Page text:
I felt the need to quote this, I agree: I think every parent wants the best for their kids and it’s just about ignorance. Take my case: overall I think my parents are good people and we always got along ok; sometimes I even think they overdid it in trying to help me in my projects but they just won’t accept the fact that I’m a lesbian and I think it’s a mix of ignorance and wanting the best for me like they’ve always done. I also think they are particularly sensitive to the issue for their own personal story (I’ve always thought both of them have repressed homo inclinations that they’ve never faced, and I think them not accepting me has a lot to do with them not accepting themselves); besides, it doesn’t help that where they live there’s no homo in sight.

    But in a way, this is certainly good news because humanity has never stayed stupid for a long time in history; I mean, with highs and lows, steps up and back, but the general trend is headed towards progress and understanding. The problem might be, how long this will take? How many blows can we take? We are human and short-lived, and I’m sure all the gays and history who stayed in the closet and ended up marrying someone of the opposite sex and being unhappy had quite negative views of the future: they weren’t like “this will happen sooner or later” but “this will never happen in my lifetime and probably in my children’s children lifetime” – and they were right.

    So yeah, I might feel kinda lucky I wasn’t born in the 12th century but I know for a fact that people born today or in the next ten years will have it much, much easier than I did. Which makes me kind of wonder about the meaning of life but that’s another story.

    • I understand where you are coming from with the ignorance thing, but I think it’s something more than just an unawareness or lack of education because that assumes that once properly introduced that ignorance will wane. I think that people generally walk around with a fundamental understanding of the world and for a lot of people that understanding does not include same sex relationships. So that when this common sense understanding of how things work is confronted with something which doesn’t have a place in their schema it’s hard for them to believe it or accommodate it as something that is real or possible. It’s hegemonic, yo. I mean I generally walk around the world assuming that everyone I meet (unless they have an alternative lifestyle haircut, obvi) is straight. This is not the only way I could approach the world. I could instead assume that everyone I meet is gay or at least bi-curious (hawt!). The key is to find something that is in their range of normal/natural understanding (marriage as between two loving people) and piggy back your message on it (same sex-ers can be in a loving, long term relationship).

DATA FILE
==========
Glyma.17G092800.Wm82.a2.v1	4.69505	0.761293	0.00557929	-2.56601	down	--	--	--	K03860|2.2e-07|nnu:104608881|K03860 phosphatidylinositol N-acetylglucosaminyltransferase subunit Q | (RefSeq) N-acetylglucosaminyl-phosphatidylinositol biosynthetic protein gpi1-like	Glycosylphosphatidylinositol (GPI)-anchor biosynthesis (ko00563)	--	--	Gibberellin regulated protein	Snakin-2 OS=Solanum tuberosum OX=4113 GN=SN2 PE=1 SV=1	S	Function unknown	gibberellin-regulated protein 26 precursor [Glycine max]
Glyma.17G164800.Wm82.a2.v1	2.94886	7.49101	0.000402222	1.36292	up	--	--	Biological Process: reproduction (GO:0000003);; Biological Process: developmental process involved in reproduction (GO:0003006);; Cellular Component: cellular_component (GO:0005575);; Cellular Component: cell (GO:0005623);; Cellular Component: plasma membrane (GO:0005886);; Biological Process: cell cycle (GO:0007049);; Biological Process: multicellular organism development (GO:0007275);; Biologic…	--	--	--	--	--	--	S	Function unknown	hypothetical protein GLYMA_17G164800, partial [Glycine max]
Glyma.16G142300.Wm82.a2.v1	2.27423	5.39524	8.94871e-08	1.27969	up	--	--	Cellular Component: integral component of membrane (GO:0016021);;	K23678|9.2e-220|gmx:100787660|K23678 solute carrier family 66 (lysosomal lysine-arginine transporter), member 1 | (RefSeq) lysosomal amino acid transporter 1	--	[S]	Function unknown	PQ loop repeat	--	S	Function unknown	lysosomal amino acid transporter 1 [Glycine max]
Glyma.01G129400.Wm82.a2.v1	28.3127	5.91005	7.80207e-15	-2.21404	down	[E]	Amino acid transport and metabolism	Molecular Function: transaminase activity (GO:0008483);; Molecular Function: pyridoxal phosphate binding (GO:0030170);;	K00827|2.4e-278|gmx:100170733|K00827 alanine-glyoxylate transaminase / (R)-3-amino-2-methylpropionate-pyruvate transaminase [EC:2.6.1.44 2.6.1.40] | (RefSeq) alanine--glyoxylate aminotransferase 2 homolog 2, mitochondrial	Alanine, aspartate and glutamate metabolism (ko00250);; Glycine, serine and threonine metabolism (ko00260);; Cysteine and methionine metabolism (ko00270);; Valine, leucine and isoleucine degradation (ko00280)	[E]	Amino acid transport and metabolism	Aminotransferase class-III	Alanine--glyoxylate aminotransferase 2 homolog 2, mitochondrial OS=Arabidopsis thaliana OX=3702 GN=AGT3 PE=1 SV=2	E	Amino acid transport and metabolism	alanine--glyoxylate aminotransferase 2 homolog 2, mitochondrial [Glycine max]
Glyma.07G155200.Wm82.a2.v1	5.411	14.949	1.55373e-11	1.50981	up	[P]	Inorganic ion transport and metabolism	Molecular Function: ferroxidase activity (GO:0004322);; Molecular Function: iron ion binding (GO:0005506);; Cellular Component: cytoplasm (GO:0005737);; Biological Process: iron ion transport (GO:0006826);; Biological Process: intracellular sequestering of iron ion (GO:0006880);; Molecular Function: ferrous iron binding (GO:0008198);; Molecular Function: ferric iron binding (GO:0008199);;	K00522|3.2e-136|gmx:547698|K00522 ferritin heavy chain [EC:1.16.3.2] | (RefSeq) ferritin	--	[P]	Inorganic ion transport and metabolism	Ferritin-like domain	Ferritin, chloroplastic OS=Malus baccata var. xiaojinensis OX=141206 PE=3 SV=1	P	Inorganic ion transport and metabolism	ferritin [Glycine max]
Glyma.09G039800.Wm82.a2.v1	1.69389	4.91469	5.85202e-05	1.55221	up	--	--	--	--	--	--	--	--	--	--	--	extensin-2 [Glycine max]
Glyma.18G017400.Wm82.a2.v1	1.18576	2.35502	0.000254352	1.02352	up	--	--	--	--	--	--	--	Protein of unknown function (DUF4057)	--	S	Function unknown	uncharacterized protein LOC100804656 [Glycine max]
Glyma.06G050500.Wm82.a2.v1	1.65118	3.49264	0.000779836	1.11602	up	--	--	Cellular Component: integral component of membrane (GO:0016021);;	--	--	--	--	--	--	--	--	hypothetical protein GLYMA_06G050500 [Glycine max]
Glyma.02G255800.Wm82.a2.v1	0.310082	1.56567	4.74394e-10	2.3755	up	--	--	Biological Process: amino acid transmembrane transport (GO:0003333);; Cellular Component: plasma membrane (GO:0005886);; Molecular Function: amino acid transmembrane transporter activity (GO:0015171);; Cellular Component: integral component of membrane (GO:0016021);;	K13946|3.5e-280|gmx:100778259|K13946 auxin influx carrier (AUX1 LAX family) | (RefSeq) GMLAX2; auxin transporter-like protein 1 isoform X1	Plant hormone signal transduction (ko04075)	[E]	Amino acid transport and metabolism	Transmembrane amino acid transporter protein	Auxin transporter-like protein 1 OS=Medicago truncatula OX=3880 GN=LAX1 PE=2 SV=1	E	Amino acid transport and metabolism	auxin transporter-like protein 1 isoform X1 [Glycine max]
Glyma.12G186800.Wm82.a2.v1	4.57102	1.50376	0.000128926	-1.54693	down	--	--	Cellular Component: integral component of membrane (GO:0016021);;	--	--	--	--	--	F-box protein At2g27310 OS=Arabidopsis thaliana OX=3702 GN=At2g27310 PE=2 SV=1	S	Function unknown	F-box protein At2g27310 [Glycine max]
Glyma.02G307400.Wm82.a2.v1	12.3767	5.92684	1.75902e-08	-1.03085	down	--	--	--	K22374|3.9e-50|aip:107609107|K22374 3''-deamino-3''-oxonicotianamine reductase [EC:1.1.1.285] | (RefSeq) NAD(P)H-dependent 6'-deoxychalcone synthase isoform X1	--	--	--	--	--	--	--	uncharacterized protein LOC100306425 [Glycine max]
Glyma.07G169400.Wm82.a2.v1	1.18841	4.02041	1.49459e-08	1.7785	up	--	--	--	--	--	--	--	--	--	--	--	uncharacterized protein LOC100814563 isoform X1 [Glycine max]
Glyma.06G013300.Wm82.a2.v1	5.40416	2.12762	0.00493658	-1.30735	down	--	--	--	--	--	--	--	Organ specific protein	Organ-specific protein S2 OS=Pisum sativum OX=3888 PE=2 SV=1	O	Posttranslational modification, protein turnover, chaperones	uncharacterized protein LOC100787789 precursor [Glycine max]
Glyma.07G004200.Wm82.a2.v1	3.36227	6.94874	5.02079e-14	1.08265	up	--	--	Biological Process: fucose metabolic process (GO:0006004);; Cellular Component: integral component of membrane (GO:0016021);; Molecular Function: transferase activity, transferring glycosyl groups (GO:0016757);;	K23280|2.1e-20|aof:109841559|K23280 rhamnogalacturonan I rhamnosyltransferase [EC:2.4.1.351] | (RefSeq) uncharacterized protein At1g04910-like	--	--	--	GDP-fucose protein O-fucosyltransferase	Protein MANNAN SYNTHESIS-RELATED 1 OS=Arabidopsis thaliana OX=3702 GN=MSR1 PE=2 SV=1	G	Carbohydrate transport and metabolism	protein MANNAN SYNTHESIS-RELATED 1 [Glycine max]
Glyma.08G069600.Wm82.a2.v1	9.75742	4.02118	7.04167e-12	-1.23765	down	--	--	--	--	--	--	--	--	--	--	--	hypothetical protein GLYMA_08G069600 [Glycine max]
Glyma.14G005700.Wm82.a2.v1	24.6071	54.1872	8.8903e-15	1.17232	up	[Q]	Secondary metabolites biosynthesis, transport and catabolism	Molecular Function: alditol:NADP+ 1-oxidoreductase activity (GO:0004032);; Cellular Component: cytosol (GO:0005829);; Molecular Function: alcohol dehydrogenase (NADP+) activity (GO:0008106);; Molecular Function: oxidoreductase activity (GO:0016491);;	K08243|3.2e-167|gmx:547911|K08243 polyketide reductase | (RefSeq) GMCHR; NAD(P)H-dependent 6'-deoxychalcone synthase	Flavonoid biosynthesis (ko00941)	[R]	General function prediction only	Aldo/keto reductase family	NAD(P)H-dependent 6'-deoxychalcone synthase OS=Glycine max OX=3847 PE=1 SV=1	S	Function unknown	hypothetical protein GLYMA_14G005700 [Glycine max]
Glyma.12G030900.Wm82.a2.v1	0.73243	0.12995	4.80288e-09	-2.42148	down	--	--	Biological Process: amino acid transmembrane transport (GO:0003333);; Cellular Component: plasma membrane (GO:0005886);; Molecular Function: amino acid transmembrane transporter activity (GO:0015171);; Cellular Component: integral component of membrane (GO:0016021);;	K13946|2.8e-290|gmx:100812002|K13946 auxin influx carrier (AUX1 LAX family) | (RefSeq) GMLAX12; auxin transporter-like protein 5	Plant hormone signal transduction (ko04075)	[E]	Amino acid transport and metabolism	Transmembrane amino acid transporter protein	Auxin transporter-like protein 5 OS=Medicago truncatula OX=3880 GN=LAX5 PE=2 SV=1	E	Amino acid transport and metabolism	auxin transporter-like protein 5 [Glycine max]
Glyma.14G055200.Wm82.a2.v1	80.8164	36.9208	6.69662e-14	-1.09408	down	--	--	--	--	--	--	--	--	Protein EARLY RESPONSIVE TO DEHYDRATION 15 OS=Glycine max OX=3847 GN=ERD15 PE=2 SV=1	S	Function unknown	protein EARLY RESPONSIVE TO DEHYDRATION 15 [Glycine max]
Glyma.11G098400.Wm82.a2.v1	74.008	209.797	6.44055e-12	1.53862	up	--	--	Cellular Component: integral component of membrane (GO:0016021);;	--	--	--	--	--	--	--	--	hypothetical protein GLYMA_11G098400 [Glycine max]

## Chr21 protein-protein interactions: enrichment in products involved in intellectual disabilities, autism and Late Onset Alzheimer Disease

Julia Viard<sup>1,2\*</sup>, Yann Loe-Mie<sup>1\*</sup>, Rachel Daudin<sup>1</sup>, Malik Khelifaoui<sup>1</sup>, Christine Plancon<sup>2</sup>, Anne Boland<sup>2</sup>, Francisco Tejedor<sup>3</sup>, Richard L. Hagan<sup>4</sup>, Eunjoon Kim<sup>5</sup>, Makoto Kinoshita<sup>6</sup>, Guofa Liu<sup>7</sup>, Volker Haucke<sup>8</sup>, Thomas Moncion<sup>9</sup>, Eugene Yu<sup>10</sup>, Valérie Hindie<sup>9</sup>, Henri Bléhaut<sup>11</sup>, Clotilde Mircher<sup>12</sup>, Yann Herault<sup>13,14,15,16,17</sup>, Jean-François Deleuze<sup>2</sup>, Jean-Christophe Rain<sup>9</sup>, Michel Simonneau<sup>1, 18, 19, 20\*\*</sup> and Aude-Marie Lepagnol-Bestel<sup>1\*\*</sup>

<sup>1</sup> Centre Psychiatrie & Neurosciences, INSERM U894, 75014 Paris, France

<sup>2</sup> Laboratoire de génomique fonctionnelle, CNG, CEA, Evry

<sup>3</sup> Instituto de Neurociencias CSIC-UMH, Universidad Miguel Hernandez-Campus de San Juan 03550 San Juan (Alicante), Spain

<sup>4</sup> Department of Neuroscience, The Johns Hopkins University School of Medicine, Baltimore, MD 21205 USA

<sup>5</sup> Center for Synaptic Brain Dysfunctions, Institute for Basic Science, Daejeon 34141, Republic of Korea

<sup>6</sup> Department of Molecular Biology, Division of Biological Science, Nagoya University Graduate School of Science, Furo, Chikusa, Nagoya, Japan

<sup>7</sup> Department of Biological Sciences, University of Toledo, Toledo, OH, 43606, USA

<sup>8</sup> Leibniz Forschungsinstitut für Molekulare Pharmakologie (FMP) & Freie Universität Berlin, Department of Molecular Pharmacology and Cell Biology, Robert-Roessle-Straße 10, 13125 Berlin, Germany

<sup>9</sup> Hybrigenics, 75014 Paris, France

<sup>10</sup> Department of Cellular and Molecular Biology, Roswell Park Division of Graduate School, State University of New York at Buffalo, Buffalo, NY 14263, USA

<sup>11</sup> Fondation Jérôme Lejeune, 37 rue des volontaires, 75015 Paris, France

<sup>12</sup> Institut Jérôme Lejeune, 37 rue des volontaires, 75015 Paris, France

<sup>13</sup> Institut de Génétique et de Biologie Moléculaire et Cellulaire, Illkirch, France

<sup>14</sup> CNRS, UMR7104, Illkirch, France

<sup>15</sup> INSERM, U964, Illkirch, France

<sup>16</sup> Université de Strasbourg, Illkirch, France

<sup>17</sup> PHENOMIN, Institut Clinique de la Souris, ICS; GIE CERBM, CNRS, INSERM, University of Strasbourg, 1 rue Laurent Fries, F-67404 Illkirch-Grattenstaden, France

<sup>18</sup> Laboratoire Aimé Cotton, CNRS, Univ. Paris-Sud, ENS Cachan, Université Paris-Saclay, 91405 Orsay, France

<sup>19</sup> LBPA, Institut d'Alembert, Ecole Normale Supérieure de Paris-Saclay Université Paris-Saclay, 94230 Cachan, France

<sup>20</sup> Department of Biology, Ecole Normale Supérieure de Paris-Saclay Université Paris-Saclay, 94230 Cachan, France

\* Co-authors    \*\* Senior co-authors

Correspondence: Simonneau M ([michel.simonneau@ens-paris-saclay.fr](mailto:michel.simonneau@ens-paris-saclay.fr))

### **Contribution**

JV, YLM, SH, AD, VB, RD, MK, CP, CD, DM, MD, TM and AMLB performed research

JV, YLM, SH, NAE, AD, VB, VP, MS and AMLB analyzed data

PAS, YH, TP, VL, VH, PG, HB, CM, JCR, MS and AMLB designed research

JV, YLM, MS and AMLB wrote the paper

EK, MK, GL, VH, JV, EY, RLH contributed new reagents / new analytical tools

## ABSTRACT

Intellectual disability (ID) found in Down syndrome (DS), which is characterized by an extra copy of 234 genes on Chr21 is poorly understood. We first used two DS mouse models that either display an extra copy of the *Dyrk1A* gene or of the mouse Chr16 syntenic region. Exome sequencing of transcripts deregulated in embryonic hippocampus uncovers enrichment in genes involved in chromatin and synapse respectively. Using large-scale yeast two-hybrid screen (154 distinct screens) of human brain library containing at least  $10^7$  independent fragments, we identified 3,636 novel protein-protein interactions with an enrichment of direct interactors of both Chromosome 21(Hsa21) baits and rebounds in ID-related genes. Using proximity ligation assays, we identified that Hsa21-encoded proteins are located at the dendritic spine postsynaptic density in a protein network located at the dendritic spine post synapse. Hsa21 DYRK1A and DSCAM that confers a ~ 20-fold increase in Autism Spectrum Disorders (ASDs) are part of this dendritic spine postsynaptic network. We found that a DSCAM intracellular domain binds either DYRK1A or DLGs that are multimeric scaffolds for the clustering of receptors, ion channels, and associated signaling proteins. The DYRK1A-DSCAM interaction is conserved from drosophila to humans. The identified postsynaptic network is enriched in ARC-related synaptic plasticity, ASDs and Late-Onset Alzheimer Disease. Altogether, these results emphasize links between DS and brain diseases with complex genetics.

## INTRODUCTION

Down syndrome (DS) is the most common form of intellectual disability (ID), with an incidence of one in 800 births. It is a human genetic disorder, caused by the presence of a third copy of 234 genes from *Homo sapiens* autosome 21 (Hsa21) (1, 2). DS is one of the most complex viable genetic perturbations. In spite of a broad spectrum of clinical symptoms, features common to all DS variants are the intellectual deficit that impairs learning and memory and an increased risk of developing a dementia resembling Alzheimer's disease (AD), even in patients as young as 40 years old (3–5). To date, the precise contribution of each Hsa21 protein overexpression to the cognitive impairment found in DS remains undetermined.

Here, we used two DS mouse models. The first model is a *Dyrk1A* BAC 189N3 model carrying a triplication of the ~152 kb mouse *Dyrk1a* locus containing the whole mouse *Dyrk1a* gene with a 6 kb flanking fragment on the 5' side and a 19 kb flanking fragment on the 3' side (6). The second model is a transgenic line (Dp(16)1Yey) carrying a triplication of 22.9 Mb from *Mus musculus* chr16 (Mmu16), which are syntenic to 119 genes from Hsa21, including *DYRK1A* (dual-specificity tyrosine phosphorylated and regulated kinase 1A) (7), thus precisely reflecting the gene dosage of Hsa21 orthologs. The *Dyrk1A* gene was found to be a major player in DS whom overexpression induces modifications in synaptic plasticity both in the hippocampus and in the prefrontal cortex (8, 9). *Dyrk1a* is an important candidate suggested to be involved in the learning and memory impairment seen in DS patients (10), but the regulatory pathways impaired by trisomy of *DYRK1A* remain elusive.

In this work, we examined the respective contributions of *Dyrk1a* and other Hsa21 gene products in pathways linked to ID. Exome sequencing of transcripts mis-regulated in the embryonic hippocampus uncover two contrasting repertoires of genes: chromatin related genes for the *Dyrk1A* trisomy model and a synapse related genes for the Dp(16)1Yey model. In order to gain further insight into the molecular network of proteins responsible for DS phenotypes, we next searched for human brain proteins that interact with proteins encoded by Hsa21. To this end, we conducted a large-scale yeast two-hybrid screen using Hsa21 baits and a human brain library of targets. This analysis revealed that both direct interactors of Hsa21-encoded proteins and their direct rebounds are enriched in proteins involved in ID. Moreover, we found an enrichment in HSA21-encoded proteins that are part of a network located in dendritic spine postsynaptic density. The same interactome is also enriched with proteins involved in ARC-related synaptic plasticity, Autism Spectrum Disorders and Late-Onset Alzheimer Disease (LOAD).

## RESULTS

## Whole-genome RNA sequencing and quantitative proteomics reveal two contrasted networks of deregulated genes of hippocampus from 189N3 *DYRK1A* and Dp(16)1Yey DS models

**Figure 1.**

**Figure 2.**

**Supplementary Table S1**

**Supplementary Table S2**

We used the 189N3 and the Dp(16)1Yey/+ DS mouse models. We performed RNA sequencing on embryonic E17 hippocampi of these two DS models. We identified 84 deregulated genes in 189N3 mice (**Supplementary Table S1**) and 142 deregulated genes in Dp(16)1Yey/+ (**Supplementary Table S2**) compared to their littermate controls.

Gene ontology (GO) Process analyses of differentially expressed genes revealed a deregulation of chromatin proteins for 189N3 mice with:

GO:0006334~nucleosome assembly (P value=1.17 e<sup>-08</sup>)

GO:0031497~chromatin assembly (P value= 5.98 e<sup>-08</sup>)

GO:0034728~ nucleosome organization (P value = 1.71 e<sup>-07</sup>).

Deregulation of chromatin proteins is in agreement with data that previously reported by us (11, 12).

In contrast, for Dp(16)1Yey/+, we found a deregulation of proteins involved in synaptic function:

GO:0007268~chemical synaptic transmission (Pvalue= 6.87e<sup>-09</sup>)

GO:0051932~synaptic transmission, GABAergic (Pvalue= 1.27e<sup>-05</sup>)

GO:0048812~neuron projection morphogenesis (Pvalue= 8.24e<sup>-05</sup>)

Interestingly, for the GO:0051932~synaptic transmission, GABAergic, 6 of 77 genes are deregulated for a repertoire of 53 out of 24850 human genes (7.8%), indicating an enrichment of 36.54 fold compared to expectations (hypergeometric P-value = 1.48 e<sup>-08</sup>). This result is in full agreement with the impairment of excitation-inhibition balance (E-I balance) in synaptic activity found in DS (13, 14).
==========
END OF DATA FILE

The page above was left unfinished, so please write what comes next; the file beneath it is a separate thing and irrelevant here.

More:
You obviously know your parents best, but I think the lack of any other examples of gays and lesbians near them is definitely not helping the case. Is there a PFLAG near them? Maybe you could secretly sign them up for the newsletter for your state. Would they be mortified? ;)

      As far as history goes, I too like to think things generally move in a progressive direction and get better, but in actuality this is not necessarily always the case, nor does it have to be. We must be vigilant against back sliding and fight tooth and nail for every little inch. It’s hard to achieve radical social change without instituting reeducation camps, which totally got a bum rap (JK!). I mean think of it this way you can carry on the grand tradition of rocking slowly on the porch telling young whippersnappers how easy they got it and you had to walk uphill in the homophobia snow both ways! So, uh, take solace in your role in this great transition ’cause it’ll give you mad props with the youngins?

      Also, it’s hard to remember this but our understanding/conception of homosexuality is a fairly recent invention and has been conceived of in many different ways through out time. so don’t feel too bad for those in the 12th century (though I’m sure they had it not so great, what with the hygiene issues of the time). We just have to live our lives and lend a hand in pushing this ole barge in the right direction. Yeah, I just compared America to a boat. So I guess that means I’m on a boat!

      Anyway, not sure if that helps the existential dilemma and stuff, but at least there’s autostraddle’s NSFW Sunday! Wooooo! Boobies will make it all better, right? RIGHT!

  9. What more should one expect from an organized horde of miscreants who insist on using their reproductive organs in a manner other then prescribed.

    You folks do so deserve your pervert handle.